Into Great Silence is a uniquely powerful film I first saw a couple of years ago. I had heard that it was good from various sources, so I ordered it from lovefilm.com. What I didn’t quite realise at first is that the film is completely devoid of commentary, voiceover, or any sound for that matter, save that of the noise generated by the monks going about their monastic tasks. Not very exciting you may think…..but read on!
The film is set in the Grande Chartreuse in the French Alps, oft touted as the most ascetic monastery in Christendom. The background to the film being made is fascinating. In 1984, the filmmaker Philip Gröning wrote to the Carthusian order for permission to make a documentary about their way of life. They said they would get back to him – and they did – although it took sixteen years! Alone, without film crew and anything but basic equipment, Gröning lived with the monks for six months; during this time he observed and recorded in the minutest detail all aspects of the Carthusian life — daily prayers, monastic offices, their physical labour and the rare times when they enjoyed free-time together and took outdoor excursions (complete with much chat!).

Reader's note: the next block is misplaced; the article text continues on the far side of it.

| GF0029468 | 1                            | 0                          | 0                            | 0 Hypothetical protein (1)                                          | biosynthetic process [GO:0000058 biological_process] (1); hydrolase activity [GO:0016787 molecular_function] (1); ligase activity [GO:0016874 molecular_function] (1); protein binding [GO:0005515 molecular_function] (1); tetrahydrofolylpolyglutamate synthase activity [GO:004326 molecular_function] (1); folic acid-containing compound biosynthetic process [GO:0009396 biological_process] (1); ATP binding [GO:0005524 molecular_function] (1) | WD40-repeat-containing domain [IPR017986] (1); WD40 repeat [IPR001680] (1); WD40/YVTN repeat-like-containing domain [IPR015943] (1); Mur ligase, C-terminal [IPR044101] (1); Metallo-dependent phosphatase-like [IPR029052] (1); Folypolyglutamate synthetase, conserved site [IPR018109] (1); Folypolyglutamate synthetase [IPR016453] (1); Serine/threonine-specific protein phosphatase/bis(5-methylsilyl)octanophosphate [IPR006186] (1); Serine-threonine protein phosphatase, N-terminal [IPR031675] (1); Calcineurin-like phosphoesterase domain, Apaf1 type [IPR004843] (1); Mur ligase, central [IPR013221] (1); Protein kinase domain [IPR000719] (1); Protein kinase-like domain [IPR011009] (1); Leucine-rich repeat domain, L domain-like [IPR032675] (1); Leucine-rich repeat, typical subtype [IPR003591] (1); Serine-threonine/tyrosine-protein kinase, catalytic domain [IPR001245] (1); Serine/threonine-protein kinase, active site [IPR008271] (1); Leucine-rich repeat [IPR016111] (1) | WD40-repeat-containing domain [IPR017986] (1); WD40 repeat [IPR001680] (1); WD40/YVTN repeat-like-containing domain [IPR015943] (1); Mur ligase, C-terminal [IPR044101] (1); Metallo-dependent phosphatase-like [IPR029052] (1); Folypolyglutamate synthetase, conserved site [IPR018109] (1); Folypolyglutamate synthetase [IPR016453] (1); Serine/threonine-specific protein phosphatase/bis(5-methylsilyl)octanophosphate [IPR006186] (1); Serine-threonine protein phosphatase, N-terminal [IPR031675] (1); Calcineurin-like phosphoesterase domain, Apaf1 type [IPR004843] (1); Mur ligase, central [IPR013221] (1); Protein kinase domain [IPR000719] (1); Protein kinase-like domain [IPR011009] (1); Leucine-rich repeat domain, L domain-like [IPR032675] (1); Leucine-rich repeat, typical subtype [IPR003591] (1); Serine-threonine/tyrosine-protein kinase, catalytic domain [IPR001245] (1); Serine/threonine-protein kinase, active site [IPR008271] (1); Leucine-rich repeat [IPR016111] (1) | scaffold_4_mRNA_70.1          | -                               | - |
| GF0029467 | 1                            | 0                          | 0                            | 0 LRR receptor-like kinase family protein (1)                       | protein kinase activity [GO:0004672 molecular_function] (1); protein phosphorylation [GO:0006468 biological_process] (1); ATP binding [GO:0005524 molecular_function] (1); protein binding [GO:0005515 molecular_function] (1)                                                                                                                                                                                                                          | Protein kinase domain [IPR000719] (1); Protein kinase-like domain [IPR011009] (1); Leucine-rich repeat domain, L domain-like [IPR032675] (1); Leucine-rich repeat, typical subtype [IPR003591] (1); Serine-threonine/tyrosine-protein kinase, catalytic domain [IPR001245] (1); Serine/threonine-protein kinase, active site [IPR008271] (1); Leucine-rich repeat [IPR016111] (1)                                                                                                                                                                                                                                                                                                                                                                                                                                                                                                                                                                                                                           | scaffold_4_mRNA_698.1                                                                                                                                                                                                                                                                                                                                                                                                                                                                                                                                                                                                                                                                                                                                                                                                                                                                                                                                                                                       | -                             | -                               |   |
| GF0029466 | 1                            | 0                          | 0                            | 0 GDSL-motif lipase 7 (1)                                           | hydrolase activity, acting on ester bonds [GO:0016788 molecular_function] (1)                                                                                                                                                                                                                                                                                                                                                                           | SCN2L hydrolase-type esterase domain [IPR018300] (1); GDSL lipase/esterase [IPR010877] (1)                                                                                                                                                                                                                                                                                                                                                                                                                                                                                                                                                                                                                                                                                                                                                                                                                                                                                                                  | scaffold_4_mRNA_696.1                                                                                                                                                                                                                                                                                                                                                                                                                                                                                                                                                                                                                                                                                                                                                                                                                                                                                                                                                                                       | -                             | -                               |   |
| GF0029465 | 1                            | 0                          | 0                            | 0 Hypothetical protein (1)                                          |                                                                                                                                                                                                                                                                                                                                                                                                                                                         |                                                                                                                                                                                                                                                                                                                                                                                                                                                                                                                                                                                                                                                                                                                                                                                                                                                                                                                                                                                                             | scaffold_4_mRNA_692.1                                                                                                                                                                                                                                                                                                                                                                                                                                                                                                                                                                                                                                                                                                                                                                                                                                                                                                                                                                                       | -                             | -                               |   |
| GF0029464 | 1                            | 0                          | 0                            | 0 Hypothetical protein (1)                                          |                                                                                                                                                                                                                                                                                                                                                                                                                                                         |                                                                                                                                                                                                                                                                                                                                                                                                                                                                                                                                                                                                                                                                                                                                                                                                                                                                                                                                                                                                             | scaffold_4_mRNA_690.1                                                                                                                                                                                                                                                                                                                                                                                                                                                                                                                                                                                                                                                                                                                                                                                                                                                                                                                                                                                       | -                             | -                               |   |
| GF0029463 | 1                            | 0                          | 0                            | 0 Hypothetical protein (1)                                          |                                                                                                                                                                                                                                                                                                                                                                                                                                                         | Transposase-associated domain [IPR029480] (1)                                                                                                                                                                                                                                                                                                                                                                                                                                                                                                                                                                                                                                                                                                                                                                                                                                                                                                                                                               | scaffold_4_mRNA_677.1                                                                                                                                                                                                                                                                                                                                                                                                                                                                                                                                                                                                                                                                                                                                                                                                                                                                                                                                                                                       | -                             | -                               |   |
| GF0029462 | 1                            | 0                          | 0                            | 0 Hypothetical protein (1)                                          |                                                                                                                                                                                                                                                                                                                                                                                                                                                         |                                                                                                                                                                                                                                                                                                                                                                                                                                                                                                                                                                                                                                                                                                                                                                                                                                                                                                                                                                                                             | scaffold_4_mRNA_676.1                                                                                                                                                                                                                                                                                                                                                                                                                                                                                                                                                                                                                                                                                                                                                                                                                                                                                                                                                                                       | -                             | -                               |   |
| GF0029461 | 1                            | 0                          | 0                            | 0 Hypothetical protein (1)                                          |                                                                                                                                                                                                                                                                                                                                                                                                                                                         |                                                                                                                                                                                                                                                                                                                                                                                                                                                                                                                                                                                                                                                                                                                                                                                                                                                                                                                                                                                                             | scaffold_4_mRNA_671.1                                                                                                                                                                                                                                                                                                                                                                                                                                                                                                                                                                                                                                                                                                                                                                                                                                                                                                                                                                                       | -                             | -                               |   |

The simplicity and authenticity of this film is stunning. It allows the viewer to enter in to the rhythm of the Carthusian life unencumbered by visual or auditory distraction. At first, this is quite disconcerting; it leaves the viewer feeling uneasy. But this uneasiness gives way to a calm understanding of the rationale of the film-maker, which is to allow the viewer to take part in the monastic life and experience the intense spirituality of simplicity, solitude and silence for themselves. The shuffling of the monks’ feet on the stone floor and the creaking of the ancient wooden choir stalls transports the viewer in space and time.
Watching, or more accurately, taking part in the Into Great Silence experience is more akin to embarking on an extended meditation than watching a film; it is very much experiential. It is also remarkable in that it highlights just how countercultural the monastic life is, particularly as it is embodied in the Carthusian Order. As I think about this film, I’m reminded of the words of the eminent Danish philosopher and theologian, Søren Kierkegaard, as he reflected on the value of the monastic life:
Of this there is no doubt, our age and Protestantism in general may need the monastery again, or wish it were there. ‘The monastery’ is an essential dialectical element in Christianity. We therefore need it out there like a navigation buoy at sea in order to see where we are, even though I myself would not enter it. But if there really is true Christianity in every generation, there must also be individuals who have this need.
Into Great Silence is a resounding affirmation of Kierkegaard’s sentiments!
Here is the trailer for the film (courtesy of youtube):